Topic 7- Philosophy, Insanity, and Religion

The play, Woyzeck, by Georg Buchner is a very interesting play about Franz Woyzeck, a troubled infantryman who ends up murdering his partner, Marie, because of her infidelity and his own insanity. Woyzeck appears to be an examination of humankind through the philosophical lenses of naturalism, determinism, and nihilism. The play darts from setting to setting with a plethora of different characters, citing lines from the Bible throughout. The manic movement from scene to scene and verbiage of the characters speaks to Woyzeck’s deteriorating mental state.

At the start of the play, Woyzeck describes his hallucinations about an apocalypse: “Look how bright it is! There’s fire raging around the sky, and a noise coming down like trumpets… Quiet, it’s all quiet, like the world was dead” (Buchner, 4.1). The imagery of animals when the Carnival Barker is advertising his performance speaks to Charles Darwin’s naturalism. The Carnival Barker says about the monkey, “Look at this creature as God made it: he’s nothing, nothing at all. Now see the effect of art: he walks upright, wears a coat and pants, carries a sword! Ho! Take a bow!” (4.3). The monkey is a metaphor for man; Society and culture have turned humans into spectacle. Buchner is making a statement similar to Shakespeare’s “All the world’s a stage and all the men and women merely players” and is using Charles Darwin’s idea of naturalism to do so. Man is helpless to the forces of nature and the environment, and it is only nature to seek progress and at least appear to evolve. The use of a nihilistic language in the play contributes to the deterministic feeling of helplessness that Woyzeck seems to suffer from. Woyzeck claims, “On and on, on and on. Spin around, roll around. Why doesn’t God blow out the sun so that everything can roll around in lust, man and woman, man and beast…” (4.11). Even Grandmother tells a dark story of a poor child with absolutely nothing who searches for meaning but eventually discovers the universe as an overturned pot, “[the child] wanted to go up to the heavens, and the moon was looking at it so friendly… the moon was a piece of rotten wood and then it went to the sun… the sun was a wilted sunflower… [the stars] were little golden flies…” (1.14).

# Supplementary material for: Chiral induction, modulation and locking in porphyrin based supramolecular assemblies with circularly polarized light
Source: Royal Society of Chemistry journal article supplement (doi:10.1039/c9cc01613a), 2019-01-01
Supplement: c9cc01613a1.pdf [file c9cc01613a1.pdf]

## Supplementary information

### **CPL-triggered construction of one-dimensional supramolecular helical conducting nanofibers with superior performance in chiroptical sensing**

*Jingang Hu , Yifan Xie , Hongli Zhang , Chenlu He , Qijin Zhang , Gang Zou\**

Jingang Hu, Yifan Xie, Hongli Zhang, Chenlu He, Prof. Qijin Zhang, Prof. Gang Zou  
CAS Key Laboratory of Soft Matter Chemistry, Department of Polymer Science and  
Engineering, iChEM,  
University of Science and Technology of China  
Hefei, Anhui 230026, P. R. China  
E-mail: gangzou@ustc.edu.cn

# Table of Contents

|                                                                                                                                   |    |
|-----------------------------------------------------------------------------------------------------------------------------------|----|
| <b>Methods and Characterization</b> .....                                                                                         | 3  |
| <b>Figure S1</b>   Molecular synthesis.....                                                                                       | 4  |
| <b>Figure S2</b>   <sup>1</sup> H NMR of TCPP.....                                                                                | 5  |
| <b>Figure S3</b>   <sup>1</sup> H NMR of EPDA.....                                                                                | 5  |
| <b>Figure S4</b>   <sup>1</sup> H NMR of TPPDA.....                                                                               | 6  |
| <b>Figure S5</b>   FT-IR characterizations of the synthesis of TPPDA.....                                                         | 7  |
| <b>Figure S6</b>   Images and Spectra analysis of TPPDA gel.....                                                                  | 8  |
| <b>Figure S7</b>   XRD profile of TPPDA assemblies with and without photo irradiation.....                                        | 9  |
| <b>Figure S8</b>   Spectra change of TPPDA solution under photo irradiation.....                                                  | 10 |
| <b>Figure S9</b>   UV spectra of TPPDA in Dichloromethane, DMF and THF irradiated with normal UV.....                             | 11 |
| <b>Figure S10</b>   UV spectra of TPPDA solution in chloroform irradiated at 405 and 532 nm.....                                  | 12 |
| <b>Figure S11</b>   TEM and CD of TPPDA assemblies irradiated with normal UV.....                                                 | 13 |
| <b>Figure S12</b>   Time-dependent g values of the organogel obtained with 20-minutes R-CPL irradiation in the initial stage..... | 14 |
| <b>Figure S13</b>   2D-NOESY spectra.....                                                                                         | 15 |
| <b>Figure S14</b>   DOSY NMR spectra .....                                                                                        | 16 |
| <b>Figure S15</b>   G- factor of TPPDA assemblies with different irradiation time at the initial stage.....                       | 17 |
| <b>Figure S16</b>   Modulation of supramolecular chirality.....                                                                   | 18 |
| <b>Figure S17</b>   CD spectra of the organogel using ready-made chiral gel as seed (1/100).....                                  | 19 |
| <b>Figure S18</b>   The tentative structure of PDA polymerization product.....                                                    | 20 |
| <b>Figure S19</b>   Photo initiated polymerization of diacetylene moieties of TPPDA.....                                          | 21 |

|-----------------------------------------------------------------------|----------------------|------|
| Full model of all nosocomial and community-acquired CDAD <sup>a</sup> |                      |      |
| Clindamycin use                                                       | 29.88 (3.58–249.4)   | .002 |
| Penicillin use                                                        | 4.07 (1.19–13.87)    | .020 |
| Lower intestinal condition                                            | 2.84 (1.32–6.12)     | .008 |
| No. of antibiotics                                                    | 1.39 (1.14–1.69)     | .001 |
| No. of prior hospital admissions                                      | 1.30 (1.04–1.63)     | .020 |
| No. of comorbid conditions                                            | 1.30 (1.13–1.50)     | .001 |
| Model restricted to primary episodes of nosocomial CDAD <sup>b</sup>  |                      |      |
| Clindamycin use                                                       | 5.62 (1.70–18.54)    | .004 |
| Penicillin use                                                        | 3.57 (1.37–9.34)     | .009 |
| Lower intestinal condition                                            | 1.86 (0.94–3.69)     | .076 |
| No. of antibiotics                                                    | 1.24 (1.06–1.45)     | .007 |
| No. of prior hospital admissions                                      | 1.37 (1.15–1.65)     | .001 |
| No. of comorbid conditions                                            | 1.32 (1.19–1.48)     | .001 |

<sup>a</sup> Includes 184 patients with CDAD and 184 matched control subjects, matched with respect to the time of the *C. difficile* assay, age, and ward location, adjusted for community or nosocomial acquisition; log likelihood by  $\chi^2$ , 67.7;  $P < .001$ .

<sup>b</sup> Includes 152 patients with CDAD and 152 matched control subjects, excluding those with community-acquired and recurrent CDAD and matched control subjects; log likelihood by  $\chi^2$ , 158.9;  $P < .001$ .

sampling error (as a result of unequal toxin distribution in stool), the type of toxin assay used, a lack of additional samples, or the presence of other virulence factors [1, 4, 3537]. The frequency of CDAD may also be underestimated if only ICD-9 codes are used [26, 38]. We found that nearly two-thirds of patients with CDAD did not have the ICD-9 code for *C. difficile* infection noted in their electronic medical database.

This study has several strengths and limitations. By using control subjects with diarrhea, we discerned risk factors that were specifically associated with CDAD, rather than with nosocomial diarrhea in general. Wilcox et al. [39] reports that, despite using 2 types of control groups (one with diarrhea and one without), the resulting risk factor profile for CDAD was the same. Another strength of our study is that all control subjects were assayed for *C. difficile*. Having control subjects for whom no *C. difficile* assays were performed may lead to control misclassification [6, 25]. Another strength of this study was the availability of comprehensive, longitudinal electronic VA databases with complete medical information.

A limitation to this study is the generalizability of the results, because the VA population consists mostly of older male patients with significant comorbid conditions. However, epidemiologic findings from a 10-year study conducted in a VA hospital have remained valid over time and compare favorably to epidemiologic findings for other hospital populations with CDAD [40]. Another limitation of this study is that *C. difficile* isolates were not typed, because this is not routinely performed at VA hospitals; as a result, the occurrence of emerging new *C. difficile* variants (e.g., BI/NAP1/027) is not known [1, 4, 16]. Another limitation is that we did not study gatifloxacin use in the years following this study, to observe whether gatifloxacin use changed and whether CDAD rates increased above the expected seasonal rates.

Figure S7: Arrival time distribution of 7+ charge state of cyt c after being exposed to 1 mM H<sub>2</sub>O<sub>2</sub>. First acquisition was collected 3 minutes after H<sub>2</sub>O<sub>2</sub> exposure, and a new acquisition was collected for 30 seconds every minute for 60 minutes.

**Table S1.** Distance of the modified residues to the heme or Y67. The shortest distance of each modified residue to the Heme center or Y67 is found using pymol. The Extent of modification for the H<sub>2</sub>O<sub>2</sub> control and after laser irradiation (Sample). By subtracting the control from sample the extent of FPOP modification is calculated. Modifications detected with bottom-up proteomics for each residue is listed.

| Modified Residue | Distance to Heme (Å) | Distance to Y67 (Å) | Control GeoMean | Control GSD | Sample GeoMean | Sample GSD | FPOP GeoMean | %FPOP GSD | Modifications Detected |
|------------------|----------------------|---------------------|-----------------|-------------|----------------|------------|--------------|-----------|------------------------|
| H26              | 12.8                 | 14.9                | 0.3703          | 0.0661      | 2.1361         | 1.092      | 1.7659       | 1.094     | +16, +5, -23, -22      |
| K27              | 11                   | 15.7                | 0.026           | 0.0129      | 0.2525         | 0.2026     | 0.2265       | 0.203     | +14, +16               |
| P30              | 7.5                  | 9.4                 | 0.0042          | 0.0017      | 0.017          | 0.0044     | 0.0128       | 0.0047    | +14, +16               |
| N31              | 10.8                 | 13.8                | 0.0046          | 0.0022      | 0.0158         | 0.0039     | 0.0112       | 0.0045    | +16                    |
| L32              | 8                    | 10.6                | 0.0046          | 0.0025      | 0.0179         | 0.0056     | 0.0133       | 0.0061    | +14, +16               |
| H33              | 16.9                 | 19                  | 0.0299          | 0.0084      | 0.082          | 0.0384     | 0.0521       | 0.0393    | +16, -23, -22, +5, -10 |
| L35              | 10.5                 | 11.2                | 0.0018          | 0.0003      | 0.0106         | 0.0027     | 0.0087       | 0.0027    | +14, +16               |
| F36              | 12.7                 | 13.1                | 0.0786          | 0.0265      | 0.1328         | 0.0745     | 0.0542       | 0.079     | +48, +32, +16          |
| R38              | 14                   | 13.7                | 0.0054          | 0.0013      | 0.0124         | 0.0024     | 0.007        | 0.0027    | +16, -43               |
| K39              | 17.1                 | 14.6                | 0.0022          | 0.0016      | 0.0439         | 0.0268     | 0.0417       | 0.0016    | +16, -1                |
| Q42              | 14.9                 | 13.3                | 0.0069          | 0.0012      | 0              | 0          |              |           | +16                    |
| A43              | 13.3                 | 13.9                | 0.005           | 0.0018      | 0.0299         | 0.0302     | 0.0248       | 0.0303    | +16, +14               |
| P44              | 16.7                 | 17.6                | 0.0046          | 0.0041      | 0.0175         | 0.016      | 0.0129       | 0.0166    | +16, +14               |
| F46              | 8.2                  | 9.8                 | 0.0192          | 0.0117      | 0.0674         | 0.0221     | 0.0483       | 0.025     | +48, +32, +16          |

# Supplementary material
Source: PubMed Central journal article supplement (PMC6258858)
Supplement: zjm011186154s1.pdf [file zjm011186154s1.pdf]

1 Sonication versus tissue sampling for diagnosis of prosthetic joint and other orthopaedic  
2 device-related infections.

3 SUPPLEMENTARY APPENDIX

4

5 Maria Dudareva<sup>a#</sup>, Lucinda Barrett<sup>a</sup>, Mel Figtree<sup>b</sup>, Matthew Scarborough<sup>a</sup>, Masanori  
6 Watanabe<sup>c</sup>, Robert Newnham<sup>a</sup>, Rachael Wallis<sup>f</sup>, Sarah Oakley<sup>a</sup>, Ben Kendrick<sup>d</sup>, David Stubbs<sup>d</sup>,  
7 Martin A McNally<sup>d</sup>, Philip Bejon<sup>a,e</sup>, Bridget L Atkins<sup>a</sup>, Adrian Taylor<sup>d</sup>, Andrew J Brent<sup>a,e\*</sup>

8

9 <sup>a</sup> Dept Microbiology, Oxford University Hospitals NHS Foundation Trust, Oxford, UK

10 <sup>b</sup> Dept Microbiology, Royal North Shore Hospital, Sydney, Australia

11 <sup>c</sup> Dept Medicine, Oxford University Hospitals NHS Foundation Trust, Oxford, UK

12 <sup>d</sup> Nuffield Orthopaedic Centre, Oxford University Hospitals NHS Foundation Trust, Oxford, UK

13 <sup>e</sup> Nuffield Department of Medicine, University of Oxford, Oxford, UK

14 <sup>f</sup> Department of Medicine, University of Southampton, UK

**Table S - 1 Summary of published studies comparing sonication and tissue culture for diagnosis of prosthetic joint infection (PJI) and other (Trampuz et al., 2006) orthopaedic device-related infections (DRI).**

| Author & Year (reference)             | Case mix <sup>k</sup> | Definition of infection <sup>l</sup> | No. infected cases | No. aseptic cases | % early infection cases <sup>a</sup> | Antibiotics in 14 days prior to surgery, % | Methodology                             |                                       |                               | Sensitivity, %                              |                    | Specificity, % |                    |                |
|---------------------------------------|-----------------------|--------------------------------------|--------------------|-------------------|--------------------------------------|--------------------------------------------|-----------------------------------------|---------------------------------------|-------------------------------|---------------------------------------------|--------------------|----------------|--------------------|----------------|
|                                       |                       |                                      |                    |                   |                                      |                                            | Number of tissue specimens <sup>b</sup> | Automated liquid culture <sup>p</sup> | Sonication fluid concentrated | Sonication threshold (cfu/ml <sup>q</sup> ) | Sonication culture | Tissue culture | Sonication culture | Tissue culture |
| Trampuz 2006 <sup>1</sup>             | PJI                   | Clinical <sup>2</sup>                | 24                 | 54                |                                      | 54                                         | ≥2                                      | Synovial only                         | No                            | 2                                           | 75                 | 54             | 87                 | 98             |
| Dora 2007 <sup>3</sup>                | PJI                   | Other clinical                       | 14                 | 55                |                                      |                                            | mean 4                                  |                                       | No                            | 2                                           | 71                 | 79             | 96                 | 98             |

References to the Bible serve as a contrast to the nihilistic attitudes. The Carnival Barker claims, “It is written: man, be natural; you were created from dust, sand, dirt.” (4.3). Marie leafs through the Bible later in the play before she is killed, searching for references to adultery. Woyzeck references passages of the Bible relating to the destruction of Sodom and Gomorrah and pain as a symbol for the love of God. Woyzeck’s mental state seems to deteriorate further as the play continues on, culminating in his murder of Marie.

1. How does Woyzeck relate to other plays that we’ve read that also include themes of Naturalism and Nihilism?
2. Is the play also a critique of capitalism?
3. The use of imagery of the Carnival Barker and the animals were very fascinating to me. What further significance do they have?
4. Why is the play so frenetic in its switching from scene to scene?